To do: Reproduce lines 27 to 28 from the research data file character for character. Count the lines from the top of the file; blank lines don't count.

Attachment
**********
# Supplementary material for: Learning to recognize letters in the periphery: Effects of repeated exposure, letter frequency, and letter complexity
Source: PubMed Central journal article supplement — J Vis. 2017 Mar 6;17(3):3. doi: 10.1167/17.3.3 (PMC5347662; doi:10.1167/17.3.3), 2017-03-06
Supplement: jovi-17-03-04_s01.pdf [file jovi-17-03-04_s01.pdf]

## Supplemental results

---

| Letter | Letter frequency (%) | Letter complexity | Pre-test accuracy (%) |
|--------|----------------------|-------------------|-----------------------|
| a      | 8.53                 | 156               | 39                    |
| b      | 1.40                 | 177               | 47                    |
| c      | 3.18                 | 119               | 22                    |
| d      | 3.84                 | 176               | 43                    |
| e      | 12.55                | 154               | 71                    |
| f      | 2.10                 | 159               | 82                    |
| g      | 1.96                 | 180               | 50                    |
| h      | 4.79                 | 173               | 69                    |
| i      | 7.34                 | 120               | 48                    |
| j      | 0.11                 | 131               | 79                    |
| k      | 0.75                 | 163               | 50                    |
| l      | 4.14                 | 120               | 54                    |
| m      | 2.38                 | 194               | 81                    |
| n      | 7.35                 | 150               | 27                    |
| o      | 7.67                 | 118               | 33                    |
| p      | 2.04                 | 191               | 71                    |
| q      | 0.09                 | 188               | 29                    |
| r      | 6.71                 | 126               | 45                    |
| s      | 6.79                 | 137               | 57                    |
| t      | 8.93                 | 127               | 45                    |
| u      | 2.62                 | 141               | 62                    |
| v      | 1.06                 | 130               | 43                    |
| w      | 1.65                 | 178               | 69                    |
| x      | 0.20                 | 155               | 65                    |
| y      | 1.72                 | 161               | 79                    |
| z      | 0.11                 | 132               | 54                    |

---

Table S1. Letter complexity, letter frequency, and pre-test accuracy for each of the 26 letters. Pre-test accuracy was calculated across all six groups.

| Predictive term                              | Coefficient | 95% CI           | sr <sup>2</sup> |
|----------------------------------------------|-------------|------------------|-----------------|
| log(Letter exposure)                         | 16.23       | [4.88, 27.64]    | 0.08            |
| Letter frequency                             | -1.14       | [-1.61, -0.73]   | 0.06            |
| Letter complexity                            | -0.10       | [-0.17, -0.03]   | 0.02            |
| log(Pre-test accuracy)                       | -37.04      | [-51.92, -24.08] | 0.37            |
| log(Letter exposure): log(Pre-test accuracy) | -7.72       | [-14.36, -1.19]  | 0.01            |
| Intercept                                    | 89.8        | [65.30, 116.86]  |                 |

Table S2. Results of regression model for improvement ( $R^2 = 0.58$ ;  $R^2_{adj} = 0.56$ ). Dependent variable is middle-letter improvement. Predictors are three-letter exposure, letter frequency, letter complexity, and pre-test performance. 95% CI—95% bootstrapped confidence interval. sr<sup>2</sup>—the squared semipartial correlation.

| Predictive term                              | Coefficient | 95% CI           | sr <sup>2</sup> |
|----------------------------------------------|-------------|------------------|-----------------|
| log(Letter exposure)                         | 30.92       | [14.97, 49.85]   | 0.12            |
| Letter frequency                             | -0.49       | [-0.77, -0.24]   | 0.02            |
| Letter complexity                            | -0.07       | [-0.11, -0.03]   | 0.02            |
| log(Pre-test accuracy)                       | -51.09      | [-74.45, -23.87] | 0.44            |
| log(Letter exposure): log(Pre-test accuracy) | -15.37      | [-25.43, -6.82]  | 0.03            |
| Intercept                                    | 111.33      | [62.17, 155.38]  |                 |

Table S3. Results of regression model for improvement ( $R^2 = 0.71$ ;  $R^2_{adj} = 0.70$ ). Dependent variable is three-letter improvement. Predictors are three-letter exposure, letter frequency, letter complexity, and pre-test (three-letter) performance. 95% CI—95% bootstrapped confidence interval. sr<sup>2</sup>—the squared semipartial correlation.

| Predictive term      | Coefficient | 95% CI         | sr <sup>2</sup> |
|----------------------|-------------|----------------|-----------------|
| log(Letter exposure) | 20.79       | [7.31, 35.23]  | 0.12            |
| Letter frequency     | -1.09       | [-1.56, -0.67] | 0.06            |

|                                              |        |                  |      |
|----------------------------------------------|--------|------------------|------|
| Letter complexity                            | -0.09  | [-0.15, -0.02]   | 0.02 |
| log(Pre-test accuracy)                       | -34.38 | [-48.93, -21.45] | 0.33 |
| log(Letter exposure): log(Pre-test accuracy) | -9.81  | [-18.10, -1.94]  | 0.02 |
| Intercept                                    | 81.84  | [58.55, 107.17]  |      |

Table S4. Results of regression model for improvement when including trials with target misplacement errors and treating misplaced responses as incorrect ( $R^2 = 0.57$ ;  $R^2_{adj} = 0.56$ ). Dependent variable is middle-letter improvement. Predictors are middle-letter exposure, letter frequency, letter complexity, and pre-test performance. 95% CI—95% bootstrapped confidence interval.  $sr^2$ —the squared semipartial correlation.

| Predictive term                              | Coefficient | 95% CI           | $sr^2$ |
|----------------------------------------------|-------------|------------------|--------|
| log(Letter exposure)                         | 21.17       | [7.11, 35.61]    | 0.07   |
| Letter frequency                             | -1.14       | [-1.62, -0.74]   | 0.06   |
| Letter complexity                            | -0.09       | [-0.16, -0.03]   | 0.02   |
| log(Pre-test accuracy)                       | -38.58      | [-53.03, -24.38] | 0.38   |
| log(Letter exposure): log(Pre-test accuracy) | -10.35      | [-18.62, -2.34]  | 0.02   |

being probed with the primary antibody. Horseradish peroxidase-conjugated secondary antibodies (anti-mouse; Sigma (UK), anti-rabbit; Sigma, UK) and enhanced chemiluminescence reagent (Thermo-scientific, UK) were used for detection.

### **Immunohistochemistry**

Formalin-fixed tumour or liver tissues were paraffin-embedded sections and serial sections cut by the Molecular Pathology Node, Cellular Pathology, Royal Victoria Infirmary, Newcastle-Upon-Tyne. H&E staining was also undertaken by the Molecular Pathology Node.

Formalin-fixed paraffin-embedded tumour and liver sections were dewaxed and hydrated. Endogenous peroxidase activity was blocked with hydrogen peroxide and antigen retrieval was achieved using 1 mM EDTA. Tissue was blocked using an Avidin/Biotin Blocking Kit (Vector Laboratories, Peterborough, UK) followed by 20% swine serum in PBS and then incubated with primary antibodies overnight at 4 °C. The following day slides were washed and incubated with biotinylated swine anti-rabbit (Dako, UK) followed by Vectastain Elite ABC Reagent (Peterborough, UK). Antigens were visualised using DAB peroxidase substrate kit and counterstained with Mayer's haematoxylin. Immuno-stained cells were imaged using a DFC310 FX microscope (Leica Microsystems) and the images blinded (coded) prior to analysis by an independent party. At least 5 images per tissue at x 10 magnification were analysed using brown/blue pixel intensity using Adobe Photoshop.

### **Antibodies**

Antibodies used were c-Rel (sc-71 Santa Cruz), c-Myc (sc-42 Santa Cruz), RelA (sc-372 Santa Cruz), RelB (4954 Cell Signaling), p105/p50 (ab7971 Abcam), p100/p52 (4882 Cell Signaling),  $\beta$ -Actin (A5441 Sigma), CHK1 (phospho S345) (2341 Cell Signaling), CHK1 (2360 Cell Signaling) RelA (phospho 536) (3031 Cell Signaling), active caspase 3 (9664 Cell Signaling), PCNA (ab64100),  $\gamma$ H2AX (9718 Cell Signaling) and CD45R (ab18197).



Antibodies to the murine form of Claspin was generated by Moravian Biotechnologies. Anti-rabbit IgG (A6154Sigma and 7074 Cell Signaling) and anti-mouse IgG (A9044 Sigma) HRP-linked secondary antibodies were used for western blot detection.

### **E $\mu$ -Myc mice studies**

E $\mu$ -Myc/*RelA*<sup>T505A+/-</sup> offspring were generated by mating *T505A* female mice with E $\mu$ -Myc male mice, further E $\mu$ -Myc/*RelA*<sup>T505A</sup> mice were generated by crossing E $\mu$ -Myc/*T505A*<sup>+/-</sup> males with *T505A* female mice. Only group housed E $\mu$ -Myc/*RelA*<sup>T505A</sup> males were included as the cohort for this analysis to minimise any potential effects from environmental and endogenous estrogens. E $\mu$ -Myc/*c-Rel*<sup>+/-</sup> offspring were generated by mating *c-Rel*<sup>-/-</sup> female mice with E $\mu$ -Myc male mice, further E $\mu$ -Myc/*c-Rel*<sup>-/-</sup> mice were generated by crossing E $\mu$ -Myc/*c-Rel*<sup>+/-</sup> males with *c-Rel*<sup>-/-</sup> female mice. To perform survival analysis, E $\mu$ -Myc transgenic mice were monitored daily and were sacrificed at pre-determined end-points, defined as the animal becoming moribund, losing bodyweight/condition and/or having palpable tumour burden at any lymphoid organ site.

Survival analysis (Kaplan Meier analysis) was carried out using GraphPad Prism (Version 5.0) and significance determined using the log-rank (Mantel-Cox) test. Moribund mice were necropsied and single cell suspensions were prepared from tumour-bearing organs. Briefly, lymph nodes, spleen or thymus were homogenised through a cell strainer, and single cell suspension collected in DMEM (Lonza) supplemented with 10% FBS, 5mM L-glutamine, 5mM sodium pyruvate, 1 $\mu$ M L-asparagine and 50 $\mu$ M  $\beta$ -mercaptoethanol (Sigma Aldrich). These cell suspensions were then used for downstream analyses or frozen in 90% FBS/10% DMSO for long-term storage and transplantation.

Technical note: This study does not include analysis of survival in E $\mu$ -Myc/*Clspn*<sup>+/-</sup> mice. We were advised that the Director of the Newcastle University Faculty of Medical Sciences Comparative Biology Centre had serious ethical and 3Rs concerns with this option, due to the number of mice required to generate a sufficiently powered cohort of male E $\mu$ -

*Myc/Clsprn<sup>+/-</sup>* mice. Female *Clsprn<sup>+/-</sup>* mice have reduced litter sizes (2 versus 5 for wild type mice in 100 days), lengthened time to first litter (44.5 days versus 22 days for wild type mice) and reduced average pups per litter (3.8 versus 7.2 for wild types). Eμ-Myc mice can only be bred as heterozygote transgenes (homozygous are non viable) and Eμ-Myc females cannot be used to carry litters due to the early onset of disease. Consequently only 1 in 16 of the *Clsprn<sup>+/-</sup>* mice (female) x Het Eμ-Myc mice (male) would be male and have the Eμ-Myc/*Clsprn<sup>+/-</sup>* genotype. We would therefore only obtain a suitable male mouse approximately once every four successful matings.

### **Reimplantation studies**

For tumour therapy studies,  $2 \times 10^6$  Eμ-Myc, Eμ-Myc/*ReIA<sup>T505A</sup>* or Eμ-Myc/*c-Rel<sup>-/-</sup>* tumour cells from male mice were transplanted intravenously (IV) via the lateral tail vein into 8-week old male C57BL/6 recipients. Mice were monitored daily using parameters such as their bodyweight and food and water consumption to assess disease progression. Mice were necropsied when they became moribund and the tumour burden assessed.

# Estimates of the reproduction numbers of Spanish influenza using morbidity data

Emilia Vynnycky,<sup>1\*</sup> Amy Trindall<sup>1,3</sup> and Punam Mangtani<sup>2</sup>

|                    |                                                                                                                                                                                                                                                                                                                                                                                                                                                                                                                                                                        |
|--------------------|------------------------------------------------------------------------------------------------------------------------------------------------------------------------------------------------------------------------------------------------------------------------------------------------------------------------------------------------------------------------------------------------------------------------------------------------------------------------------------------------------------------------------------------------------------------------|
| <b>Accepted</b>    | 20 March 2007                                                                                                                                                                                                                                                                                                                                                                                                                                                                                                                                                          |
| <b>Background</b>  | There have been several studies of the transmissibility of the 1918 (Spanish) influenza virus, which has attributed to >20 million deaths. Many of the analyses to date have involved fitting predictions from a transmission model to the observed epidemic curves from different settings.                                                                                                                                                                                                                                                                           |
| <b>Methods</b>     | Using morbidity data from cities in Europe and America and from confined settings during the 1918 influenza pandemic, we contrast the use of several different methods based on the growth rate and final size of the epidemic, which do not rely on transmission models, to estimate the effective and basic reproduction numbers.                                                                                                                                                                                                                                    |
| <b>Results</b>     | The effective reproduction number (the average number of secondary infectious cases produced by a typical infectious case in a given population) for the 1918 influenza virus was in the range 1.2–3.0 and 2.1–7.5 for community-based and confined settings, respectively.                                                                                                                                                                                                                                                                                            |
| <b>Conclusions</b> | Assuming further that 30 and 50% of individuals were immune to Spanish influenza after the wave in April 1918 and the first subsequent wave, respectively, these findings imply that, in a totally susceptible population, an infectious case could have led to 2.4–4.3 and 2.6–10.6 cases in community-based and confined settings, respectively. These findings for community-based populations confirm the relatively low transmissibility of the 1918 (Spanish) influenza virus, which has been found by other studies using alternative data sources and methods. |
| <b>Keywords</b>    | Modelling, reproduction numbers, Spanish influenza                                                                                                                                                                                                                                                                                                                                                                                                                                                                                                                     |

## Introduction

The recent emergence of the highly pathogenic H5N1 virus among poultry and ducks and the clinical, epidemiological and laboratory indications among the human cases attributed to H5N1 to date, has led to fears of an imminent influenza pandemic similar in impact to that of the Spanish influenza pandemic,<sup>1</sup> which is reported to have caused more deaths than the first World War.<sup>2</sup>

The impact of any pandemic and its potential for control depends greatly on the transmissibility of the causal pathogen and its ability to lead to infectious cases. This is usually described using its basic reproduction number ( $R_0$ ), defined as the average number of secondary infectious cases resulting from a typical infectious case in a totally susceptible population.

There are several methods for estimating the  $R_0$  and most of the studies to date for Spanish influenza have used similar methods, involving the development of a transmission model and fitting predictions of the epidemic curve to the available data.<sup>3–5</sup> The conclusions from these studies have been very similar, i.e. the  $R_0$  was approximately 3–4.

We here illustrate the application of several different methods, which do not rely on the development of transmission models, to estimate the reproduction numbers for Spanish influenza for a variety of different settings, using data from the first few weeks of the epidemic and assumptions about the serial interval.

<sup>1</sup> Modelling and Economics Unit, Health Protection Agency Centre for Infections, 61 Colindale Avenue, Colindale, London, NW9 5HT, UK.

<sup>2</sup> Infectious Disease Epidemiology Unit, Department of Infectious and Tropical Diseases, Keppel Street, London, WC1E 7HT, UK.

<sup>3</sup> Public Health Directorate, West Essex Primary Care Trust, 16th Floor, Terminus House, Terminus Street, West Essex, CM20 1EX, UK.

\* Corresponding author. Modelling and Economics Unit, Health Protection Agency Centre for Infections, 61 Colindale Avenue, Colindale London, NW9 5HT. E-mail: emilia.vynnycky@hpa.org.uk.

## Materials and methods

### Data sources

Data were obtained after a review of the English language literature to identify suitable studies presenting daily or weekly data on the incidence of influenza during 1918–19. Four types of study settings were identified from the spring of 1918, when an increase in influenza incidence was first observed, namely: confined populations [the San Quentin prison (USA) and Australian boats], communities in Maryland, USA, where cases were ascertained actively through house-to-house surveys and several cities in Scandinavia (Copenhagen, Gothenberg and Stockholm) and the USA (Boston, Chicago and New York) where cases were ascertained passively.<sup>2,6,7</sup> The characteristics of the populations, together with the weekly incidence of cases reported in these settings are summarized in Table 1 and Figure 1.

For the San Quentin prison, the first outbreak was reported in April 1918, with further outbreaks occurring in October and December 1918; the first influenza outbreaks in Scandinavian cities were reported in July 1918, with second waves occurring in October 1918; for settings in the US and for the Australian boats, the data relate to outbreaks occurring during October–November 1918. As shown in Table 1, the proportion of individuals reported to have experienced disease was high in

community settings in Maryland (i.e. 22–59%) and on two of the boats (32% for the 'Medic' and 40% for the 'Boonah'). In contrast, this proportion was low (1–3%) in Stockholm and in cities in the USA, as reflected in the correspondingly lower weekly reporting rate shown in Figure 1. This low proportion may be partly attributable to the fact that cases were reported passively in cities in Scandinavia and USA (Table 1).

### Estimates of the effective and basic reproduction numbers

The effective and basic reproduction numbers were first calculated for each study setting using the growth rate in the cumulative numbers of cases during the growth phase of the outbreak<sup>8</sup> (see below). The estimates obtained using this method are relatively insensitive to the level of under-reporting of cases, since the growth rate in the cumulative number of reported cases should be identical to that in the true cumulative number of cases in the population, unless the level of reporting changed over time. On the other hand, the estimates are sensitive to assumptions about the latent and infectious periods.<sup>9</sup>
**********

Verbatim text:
| t      | 8.93                 | 127               | 45                    |
| u      | 2.62                 | 141               | 62                    |